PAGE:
Published on August 14, 2022

Gujarat is synonymous with Gandhi when it comes to India’s freedom struggle, but historians point out that the roots of the crusade for independence ran much deeper than that association. The state was unique in the way that many of the movements initiated here – be it in the British-ruled areas such as Ahmedabad, Surat and Kheda or Princely states – were sociopolitical in nature that not only yearned for freedom but also social reforms.

The book ‘Amdavad ni Kranti Yatra’ by Khadia Itihas Samiti and Heritage Cell of Ahmedabad Municipal Corporation (AMC) chronicles the city’s tryst with the freedom movement before 1915, the year when Mahatma arrived in the country.

According to the book, the first major political event of the 20th century was the Indian National Congress (INC) session in 1902 that revealed the city offered a conducive climate and a fertile ground for freedom movements. Soon after, the city was at the forefront of the 1905 Swadeshi movement and the mills gave a major boost to ‘Make in India.’

In 1909, Lord Minto, viceroy and governor general of India, visited the city along with his wife when two bombs were thrown at a procession in Raipur.  

The governor general escaped unscathed, but the incident resulted in widespread action against the alleged conspirators. The event is seen as an assertion made by the revolutionary branch of freedom fighters who were not averse to violence.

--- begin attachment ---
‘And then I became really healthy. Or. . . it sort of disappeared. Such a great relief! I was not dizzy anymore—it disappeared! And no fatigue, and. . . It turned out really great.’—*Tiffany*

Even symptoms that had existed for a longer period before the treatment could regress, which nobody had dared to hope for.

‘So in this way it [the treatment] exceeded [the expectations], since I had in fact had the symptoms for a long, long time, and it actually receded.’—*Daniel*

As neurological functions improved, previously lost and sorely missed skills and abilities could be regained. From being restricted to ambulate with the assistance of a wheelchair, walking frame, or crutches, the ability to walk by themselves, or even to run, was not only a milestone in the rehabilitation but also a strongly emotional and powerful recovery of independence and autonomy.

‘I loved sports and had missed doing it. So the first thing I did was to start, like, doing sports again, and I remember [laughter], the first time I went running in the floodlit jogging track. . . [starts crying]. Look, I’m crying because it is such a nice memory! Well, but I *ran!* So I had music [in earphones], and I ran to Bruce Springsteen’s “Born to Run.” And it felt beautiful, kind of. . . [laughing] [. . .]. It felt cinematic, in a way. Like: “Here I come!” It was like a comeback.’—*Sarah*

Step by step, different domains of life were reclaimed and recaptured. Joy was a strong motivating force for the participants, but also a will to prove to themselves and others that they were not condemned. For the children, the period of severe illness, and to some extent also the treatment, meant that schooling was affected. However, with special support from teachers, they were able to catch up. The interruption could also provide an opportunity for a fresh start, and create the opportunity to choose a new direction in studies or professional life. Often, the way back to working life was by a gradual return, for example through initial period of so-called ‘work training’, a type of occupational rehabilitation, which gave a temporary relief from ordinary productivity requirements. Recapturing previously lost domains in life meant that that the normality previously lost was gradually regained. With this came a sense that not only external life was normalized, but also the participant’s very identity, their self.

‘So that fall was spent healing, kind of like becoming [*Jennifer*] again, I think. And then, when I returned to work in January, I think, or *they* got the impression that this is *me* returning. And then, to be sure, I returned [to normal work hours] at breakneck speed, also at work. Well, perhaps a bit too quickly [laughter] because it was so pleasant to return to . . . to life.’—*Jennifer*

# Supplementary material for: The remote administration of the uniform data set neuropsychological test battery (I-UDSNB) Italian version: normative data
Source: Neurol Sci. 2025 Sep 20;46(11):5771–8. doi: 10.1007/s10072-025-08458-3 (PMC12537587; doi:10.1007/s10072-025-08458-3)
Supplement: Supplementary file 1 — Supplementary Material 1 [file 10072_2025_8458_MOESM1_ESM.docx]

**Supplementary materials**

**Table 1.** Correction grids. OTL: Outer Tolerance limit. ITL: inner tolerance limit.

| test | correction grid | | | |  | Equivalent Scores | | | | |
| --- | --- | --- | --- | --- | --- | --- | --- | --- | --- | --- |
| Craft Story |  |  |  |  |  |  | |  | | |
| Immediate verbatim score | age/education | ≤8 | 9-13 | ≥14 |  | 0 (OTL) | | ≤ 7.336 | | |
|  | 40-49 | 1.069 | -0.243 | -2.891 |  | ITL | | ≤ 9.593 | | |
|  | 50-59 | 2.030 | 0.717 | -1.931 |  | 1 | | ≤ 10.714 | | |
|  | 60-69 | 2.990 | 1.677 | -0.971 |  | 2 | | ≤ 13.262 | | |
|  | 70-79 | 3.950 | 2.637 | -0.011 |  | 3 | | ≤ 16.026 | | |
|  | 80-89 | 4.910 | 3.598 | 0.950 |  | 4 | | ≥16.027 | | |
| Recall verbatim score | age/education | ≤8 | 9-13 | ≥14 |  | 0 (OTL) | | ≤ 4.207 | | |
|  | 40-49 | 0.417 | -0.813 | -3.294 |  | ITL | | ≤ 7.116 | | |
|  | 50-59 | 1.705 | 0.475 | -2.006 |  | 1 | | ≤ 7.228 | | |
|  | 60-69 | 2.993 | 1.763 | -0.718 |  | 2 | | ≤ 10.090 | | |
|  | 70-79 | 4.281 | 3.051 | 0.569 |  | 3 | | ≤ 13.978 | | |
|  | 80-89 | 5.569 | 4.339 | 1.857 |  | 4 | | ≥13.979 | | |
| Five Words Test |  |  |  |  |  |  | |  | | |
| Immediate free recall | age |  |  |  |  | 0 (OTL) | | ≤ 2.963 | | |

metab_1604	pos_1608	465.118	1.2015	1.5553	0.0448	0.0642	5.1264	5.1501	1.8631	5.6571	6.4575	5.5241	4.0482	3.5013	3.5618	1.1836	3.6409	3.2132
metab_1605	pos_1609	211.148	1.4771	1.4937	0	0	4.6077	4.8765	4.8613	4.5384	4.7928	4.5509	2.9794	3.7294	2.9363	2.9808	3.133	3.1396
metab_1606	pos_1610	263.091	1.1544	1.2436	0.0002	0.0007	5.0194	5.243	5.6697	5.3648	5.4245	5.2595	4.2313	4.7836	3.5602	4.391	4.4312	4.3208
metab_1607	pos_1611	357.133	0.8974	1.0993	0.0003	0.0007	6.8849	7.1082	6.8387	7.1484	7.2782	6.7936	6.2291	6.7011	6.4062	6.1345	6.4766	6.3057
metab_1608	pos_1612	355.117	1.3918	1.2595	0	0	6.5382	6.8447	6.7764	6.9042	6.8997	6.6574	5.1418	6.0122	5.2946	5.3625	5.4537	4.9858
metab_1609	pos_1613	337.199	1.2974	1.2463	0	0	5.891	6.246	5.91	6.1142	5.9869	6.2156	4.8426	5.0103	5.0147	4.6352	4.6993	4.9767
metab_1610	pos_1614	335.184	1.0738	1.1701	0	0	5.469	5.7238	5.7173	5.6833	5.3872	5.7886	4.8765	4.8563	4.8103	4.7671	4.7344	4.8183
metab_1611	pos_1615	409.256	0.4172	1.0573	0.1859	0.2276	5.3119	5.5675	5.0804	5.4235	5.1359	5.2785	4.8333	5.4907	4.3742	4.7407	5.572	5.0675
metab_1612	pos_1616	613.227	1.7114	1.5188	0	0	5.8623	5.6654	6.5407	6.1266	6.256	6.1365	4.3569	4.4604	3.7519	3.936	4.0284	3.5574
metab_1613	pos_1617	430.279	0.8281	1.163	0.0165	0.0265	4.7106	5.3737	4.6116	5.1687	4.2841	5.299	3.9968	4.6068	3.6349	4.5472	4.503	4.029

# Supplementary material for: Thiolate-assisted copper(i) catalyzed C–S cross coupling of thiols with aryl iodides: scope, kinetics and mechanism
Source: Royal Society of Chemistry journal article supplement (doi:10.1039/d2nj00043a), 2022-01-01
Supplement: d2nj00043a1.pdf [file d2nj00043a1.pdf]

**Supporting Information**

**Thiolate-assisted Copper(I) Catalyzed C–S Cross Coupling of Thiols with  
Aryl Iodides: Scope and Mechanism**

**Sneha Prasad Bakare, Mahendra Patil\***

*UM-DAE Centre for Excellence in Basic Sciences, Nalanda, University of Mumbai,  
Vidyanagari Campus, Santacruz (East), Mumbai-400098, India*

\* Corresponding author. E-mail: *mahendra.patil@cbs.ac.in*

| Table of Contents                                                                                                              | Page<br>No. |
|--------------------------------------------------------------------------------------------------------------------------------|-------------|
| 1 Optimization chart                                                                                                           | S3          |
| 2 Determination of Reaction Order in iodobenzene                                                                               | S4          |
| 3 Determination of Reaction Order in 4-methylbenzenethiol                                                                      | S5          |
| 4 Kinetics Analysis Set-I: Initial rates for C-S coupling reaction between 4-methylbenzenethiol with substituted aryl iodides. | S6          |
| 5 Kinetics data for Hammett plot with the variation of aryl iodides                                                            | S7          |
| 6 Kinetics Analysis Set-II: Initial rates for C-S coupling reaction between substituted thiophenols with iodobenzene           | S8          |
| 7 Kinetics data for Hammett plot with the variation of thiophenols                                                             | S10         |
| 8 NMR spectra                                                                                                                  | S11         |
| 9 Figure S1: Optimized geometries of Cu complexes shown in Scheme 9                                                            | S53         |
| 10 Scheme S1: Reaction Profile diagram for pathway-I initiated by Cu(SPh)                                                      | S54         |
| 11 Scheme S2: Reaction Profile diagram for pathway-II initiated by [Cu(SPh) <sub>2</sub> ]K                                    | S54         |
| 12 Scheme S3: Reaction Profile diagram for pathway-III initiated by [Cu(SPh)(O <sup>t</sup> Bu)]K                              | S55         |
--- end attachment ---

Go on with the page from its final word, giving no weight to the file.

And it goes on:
In fact, two books under the guise of Ayurveda that were in circulation gave the ‘recipe’ for crude bombs. Khadia also had ‘United Bengal Home’ where 60 youths from Bengal stayed after the partition of Bengal.

Prof Ramji Savaliya, former director of the BJ Institute, said that the city and state saw all hues of patriotism and nationalism before the arrival of Mahatma on the scene.  

“We find roots of Swadeshi even in Dalpatram’s 1851 poem ‘Hunnarkhan…’ The stalwarts of the era such as Ramanbhai Nilkanth, Balwantrai Thakor, Anandshankar Dhruv, Ambalal Desai, etc. primarily came from upper classes, were well-educated, and saw abolishment of age-old traditions as the step towards social uplift that would precede independence. In fact, the idea of ‘purna swaraj’ came much later, as what many wanted was self-governed dominion status,” he said.

Arrival of young barrister MK Gandhi who had caused much curiosity among the locals in 1915 changed the direction of the freedom movement for Gujarat, and India at large, said historians. Prof Sudarshan Iyengar, former Gujarat Vidyapith vice chancellor and noted Gandhi scholar, said that what connected all satyagraha movements – be it Kheda, Borsad, Bardoli, Salt March or Dharasana – was a new way of thinking and assimilating different walks of society.

“What changed after the Gandhian era was reduction in the general population’s fear of Raj. He insisted on social equality and inclusion of all classes and women in all his campaigns. Thus, it became a catalyst for social reforms and created a new cadre of volunteers who remained married to the cause even after independence,” said Iyengar.

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